The anthem that perhaps best sums up the 1960s and 1970s is the song "All You Need Is Love." The lyrics essentially say love is easy. Well, it is easy to love those who are lovely. But to love the angry, contemptuous, bitter—that's not so easy. It's natural to love the lovely. But to love the unlovely is supernatural.
And that's exactly what Joseph did when facing off with his brothers who had sold him as a slave twenty-one years before. Now, Joseph could've thrown his brothers in jail. He could've sent them back home to Canaan with nothing. Or he could've simply had their heads chopped off. But Joseph chose to forgive them, love them, and lavish his provision on them as long as they lived.
Read Joseph's words as he revealed himself to his brothers: "I am Joseph your brother, whom you sold into Egypt. But now, do not therefore be grieved or angry with yourselves because you sold me here; for God sent me before you to preserve life…. God sent me before you to preserve a posterity for you in the earth, and to save your lives by a great deliverance" (Genesis 45:4-5, 7).
Now we're getting to the heart of Joseph's theology. He was saying, "God is sovereign above everything that happens, and I'm okay with that. I even take the bad stuff into a vertical perspective. Behind your ploy was God's plan; He's the one who sent me here."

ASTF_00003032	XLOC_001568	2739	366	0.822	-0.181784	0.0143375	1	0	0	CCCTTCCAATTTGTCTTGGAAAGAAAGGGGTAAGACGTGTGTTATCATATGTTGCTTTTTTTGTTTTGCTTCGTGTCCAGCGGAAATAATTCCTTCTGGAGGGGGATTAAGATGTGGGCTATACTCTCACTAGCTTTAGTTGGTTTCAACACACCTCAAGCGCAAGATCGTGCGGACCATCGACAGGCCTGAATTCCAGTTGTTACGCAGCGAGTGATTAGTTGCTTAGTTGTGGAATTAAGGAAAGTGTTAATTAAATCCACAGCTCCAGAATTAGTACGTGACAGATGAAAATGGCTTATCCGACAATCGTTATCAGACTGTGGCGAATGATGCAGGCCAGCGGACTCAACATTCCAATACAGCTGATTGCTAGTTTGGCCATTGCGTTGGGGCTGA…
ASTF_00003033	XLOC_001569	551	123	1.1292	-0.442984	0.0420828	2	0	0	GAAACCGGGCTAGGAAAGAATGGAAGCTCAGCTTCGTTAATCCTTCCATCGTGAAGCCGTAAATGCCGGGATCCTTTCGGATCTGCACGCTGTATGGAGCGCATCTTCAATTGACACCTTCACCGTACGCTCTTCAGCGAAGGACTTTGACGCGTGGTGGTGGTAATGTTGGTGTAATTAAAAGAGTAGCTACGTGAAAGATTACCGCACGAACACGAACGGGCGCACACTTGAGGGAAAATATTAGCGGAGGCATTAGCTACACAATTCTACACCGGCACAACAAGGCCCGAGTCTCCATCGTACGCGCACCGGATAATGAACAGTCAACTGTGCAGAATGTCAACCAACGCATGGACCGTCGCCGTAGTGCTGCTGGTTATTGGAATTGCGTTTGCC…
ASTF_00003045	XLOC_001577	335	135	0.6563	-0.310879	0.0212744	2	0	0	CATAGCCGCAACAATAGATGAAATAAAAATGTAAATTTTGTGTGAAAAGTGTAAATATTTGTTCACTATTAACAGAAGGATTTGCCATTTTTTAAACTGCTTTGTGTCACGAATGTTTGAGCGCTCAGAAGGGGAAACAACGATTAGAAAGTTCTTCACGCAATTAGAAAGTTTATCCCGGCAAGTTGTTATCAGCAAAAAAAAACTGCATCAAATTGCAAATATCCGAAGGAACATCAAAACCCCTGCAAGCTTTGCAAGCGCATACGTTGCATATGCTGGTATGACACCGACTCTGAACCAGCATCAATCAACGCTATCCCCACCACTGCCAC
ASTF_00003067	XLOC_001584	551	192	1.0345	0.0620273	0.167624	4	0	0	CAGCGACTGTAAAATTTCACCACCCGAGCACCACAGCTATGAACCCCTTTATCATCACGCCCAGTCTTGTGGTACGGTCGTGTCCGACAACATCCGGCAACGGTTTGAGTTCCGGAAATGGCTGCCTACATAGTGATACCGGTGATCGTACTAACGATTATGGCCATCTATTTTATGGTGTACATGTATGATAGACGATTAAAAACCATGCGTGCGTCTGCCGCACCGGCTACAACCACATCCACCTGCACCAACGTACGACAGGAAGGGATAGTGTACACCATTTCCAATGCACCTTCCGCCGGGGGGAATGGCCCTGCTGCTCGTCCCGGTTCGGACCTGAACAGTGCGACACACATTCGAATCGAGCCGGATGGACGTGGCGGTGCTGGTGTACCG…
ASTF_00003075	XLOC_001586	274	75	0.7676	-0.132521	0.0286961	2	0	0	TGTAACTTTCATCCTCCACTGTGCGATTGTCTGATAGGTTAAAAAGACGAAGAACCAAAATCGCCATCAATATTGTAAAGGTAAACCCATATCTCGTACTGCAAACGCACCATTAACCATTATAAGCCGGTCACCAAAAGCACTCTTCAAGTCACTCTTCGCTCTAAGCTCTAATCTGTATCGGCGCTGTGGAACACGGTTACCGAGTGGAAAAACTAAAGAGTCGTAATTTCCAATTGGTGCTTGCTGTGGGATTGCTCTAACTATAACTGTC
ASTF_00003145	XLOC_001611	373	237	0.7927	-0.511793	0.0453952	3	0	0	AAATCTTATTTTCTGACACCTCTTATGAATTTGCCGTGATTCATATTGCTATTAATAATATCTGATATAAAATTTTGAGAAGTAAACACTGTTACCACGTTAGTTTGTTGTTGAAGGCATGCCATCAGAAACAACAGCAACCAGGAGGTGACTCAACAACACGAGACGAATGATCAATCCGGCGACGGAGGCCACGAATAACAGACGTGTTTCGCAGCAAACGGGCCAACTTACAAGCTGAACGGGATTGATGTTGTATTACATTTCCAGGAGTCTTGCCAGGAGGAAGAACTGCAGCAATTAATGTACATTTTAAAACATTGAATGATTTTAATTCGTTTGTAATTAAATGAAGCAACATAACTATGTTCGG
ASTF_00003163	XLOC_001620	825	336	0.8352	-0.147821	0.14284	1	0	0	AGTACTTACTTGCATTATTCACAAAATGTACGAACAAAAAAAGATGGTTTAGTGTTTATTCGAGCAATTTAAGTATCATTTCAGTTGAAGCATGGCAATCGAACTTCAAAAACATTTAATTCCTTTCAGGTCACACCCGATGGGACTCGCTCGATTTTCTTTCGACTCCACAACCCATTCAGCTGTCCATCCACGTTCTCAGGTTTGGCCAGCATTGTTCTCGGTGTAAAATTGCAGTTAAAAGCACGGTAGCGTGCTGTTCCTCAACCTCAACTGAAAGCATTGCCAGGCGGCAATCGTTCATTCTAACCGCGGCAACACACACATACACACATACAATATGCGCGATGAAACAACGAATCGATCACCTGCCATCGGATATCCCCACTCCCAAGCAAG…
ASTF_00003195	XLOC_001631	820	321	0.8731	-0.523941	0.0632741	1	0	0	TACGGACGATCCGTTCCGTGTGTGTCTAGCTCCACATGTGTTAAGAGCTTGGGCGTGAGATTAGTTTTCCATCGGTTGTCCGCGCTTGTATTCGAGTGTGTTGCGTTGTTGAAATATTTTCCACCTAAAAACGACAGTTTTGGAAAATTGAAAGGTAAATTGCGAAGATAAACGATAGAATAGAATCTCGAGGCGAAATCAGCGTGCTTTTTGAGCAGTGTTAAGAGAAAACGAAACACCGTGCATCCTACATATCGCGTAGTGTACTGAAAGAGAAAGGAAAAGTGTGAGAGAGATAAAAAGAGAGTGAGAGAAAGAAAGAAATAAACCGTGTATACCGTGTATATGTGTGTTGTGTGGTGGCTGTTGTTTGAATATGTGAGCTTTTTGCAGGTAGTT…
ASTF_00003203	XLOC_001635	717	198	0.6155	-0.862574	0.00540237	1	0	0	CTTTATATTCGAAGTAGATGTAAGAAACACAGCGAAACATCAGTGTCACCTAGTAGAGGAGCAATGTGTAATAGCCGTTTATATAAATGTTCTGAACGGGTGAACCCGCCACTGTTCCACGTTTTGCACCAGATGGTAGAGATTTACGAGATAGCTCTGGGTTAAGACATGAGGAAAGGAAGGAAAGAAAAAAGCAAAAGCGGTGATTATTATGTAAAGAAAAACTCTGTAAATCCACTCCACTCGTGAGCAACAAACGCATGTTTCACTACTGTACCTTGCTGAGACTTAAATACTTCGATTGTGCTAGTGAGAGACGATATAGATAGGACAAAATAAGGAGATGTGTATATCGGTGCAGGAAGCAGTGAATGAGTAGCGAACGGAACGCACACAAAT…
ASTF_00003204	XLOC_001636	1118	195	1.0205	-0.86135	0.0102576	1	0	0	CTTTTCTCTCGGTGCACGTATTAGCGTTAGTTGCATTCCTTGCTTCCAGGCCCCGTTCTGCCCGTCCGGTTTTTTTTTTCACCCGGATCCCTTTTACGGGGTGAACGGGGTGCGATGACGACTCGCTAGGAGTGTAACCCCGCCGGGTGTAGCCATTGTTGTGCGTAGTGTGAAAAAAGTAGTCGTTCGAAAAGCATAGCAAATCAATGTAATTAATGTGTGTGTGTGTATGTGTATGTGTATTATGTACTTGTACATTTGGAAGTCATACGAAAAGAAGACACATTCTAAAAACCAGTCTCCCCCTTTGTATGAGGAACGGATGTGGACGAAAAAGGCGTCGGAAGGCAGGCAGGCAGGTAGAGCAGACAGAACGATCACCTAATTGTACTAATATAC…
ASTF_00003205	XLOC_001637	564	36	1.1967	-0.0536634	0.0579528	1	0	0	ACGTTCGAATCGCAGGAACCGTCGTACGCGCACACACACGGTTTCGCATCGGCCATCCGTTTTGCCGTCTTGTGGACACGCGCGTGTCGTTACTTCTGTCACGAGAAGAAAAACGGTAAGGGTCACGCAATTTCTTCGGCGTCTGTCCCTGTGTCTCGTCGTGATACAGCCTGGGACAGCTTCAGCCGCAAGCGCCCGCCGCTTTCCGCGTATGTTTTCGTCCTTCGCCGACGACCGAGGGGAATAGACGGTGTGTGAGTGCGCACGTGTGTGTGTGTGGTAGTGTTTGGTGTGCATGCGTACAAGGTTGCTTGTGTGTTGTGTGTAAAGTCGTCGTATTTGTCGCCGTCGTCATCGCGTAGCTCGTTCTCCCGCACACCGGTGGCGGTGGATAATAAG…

Joseph told his brothers to return to their father in Canaan and give him the news, then bring the whole family back to "dwell in the land of Goshen"—a verdant, lush land—"and you shall be near to me, you and your children, your children's children, your flocks and your herds, and all that you have. There I will provide for you" (vv. 10-11).
Joseph didn't deal with them like he could have—and perhaps should have. He dealt with them as God deals with us: with mercy and grace. Mercy is not getting what you deserve, and grace is getting what you don't deserve. "I see the hand of God in this, so I'm not going to punish you"—that's mercy. "And not only that, but I'm going to lavishly, abundantly take care of you for the rest of your life"—that's grace.
Joseph chose to forgive, because forgiveness is a choice. As a result, his brothers were set free. I believe Joseph was also set free—taken to a whole new level. Are you holding back forgiveness from someone? If you base forgiveness on your feelings, you may never go through with it; it's counterintuitive. So take a page from Joseph's book and choose to forgive. You may find you needed to be set free all along.